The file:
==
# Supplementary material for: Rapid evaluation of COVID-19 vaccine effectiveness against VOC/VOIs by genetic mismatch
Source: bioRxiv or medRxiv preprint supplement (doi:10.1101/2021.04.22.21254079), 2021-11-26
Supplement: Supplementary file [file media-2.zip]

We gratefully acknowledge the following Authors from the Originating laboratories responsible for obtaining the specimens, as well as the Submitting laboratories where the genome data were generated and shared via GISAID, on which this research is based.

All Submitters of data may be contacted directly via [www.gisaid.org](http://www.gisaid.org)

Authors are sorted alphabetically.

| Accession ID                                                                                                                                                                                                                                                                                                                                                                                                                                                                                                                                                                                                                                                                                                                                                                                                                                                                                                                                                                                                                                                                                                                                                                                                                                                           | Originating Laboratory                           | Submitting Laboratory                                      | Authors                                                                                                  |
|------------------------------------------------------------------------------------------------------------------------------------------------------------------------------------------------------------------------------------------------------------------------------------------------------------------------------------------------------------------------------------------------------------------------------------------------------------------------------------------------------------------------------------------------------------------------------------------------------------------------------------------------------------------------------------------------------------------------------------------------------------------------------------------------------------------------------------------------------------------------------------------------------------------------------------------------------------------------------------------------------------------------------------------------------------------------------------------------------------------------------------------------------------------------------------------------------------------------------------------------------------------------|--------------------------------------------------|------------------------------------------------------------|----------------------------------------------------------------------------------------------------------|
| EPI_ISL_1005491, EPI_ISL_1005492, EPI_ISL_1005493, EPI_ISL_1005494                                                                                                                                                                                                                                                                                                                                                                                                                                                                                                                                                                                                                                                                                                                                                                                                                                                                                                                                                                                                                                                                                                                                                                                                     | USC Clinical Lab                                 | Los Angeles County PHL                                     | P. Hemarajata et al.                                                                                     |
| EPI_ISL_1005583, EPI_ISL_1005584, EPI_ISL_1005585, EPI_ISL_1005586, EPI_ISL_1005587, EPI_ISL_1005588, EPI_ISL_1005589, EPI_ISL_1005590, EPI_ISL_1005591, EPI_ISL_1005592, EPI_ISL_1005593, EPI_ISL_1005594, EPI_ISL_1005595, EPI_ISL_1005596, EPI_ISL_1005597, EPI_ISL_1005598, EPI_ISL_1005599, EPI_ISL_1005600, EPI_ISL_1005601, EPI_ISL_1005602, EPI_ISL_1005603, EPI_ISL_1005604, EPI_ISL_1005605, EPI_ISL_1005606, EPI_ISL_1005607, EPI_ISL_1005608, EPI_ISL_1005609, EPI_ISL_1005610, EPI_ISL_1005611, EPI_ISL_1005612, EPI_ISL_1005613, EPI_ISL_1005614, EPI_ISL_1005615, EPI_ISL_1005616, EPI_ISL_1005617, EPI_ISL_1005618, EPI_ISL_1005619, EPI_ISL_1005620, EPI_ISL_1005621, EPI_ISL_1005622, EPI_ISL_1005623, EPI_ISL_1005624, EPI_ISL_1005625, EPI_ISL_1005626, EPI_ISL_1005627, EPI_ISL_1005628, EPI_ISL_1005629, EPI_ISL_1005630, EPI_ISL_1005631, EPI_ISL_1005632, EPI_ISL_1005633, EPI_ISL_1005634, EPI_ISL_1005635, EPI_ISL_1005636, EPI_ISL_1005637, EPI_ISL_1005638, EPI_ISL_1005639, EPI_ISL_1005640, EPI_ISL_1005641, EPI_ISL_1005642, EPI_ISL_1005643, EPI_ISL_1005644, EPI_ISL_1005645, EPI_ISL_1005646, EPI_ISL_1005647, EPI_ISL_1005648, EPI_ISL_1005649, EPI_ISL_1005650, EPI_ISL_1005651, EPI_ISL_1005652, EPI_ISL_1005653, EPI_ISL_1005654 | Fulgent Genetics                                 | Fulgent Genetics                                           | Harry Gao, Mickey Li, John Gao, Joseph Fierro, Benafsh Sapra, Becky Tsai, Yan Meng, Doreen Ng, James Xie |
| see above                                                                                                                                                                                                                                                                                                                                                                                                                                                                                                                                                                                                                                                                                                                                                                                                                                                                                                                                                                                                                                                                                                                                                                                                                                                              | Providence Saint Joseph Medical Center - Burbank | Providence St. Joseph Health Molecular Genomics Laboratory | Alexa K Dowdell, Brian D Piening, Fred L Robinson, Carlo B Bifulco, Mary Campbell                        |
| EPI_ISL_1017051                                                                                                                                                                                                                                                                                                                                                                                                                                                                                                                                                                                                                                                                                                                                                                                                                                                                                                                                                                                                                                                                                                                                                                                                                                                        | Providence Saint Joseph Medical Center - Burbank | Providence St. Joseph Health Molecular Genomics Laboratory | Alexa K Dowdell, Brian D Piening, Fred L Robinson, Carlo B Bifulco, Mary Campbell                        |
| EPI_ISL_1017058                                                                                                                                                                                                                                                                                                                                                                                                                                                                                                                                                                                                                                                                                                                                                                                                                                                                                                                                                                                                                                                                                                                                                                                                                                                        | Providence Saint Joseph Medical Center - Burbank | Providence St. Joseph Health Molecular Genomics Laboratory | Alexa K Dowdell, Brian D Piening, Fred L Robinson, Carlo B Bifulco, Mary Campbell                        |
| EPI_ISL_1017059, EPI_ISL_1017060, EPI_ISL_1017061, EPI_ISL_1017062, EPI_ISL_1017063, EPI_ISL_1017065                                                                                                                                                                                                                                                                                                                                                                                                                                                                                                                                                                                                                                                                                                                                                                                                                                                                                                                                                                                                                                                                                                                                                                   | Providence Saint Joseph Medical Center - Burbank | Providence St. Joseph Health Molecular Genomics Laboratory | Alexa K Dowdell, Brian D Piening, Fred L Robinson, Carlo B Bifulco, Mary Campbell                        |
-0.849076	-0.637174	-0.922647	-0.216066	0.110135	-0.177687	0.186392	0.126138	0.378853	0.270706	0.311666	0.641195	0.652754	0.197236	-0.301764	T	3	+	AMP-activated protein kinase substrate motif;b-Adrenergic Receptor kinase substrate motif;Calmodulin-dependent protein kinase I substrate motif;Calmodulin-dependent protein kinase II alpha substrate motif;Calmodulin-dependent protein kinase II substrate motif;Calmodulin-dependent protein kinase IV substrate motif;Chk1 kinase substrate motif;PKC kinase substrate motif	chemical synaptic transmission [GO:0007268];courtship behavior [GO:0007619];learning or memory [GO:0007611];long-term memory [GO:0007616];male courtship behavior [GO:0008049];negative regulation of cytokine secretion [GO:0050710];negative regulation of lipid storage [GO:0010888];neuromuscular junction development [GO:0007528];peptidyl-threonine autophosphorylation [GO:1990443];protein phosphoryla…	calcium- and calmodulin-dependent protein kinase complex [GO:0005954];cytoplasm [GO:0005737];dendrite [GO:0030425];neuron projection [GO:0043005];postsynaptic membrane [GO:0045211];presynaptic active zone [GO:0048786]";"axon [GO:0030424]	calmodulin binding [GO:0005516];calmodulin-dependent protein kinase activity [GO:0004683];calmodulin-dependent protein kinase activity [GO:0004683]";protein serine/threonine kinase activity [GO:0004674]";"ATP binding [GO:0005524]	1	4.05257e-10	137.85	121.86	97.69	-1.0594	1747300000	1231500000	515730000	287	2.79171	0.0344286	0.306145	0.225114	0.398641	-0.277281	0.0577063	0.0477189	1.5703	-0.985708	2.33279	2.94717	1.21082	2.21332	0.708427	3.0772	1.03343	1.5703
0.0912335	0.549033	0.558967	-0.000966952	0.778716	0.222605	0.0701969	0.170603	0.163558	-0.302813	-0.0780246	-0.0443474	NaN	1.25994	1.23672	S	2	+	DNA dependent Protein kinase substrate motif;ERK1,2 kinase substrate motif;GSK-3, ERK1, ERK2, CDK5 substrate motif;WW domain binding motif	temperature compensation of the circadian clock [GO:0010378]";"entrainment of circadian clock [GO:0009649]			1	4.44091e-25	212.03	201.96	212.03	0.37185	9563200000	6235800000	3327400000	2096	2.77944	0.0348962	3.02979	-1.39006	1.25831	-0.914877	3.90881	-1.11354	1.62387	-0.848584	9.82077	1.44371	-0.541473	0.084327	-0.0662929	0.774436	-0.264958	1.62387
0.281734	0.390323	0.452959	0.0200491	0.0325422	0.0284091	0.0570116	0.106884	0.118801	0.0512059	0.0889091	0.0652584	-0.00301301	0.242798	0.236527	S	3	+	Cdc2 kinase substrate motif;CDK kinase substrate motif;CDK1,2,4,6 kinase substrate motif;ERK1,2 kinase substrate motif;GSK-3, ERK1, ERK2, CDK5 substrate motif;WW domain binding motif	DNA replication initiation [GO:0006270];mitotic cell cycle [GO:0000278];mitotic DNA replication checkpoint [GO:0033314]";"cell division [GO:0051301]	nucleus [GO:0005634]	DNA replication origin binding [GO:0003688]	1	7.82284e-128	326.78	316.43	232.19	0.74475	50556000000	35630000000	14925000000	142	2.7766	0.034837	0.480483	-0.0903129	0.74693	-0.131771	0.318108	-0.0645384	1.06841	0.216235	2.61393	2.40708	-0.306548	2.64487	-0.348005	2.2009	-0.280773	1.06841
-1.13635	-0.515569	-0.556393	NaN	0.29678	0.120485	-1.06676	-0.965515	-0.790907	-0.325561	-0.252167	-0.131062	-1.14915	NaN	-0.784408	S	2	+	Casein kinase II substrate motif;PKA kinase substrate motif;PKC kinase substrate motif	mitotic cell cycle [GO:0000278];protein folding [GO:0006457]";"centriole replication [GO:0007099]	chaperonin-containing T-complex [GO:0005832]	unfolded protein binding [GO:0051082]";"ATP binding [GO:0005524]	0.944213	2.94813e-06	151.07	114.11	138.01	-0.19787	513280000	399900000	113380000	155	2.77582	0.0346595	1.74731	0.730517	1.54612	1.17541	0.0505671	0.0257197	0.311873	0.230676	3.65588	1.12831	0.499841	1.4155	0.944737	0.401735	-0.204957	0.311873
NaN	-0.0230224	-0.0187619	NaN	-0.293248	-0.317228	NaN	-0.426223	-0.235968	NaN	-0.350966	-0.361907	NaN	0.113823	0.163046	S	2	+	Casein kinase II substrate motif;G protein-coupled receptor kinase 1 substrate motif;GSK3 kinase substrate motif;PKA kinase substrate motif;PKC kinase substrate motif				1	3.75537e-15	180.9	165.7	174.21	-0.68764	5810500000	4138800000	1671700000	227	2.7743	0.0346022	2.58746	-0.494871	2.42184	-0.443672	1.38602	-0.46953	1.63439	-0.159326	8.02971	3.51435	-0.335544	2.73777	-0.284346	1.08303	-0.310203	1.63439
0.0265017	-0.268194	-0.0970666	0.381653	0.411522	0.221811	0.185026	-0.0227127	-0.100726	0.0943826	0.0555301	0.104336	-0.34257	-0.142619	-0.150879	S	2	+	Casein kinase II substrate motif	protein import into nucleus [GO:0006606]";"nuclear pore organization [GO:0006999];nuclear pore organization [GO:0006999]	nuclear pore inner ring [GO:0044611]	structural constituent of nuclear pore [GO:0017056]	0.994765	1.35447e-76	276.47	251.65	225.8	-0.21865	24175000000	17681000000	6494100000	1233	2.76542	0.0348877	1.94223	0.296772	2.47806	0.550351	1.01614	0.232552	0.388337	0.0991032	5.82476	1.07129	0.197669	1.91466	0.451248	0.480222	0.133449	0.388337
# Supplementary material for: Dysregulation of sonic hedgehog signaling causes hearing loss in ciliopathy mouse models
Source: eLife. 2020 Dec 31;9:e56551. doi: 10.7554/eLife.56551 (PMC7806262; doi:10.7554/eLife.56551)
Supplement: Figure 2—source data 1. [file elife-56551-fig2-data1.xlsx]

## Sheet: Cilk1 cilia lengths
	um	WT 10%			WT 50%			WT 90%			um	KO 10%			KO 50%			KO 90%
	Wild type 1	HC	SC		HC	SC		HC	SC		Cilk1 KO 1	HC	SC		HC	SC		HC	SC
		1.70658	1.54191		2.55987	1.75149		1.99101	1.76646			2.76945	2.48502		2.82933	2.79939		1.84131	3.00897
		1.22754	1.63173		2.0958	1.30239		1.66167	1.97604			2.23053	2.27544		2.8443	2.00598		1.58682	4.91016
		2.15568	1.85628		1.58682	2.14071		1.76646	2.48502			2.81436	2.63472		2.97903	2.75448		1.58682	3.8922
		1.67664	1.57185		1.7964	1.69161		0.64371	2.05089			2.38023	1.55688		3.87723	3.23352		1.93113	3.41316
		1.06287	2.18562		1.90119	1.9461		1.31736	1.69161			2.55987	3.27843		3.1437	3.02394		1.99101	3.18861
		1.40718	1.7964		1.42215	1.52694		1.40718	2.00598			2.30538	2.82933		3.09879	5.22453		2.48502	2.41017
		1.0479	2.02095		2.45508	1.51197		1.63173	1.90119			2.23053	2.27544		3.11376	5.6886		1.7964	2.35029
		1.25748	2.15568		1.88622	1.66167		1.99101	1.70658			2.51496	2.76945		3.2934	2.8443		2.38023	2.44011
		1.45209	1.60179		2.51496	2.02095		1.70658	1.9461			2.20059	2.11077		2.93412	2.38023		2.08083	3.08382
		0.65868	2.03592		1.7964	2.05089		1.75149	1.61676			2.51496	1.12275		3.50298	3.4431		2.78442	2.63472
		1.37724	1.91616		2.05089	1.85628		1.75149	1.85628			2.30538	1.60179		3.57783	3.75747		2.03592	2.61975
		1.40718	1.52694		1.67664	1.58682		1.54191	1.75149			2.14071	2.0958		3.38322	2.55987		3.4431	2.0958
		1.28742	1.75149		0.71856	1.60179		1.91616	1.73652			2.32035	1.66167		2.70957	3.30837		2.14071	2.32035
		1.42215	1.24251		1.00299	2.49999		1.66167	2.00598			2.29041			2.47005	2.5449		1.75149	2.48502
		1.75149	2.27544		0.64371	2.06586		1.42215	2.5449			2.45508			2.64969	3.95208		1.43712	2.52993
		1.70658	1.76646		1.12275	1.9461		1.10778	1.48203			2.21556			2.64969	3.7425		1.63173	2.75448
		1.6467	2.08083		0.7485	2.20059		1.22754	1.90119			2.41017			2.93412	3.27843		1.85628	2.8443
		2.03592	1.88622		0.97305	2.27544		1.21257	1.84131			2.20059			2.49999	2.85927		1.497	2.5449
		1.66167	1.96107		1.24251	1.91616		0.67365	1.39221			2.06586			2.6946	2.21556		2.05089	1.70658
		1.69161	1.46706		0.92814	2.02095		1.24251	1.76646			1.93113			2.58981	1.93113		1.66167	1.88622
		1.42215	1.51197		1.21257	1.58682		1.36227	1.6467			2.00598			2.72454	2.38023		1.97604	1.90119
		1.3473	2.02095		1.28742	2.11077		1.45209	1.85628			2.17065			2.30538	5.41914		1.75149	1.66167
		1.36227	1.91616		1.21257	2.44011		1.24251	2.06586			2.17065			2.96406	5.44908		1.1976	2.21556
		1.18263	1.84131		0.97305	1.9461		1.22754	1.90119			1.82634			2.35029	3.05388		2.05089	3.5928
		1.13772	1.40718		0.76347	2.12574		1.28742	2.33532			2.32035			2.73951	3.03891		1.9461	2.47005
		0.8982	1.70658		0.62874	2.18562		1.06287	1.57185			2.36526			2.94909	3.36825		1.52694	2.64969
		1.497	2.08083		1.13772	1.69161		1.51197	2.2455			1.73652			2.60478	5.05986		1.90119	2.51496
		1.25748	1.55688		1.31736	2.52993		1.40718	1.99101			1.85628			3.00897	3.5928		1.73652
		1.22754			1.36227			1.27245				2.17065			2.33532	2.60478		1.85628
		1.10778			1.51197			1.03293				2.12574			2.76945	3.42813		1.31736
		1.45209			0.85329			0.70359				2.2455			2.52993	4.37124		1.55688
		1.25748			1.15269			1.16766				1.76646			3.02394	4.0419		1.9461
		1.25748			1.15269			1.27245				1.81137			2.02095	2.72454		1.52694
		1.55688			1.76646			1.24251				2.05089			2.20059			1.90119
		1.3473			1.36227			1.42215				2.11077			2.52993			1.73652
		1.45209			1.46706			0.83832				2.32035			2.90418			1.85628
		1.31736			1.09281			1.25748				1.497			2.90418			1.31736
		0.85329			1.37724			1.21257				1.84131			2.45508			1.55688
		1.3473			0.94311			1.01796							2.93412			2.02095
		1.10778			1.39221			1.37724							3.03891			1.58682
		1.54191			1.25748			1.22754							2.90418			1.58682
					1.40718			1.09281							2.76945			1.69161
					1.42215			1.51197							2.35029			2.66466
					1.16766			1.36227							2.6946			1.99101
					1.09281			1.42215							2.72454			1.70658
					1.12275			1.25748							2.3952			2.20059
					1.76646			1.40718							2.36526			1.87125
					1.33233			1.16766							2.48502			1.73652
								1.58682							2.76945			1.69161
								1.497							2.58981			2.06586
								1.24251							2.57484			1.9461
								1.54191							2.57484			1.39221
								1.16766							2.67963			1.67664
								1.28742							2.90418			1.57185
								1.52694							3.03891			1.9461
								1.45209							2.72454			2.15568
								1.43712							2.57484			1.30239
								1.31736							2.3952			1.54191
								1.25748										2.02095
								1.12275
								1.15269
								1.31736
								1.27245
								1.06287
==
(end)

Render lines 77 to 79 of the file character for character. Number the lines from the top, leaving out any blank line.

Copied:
								1.24251							2.57484			1.9461
								1.54191							2.57484			1.39221
								1.16766							2.67963			1.67664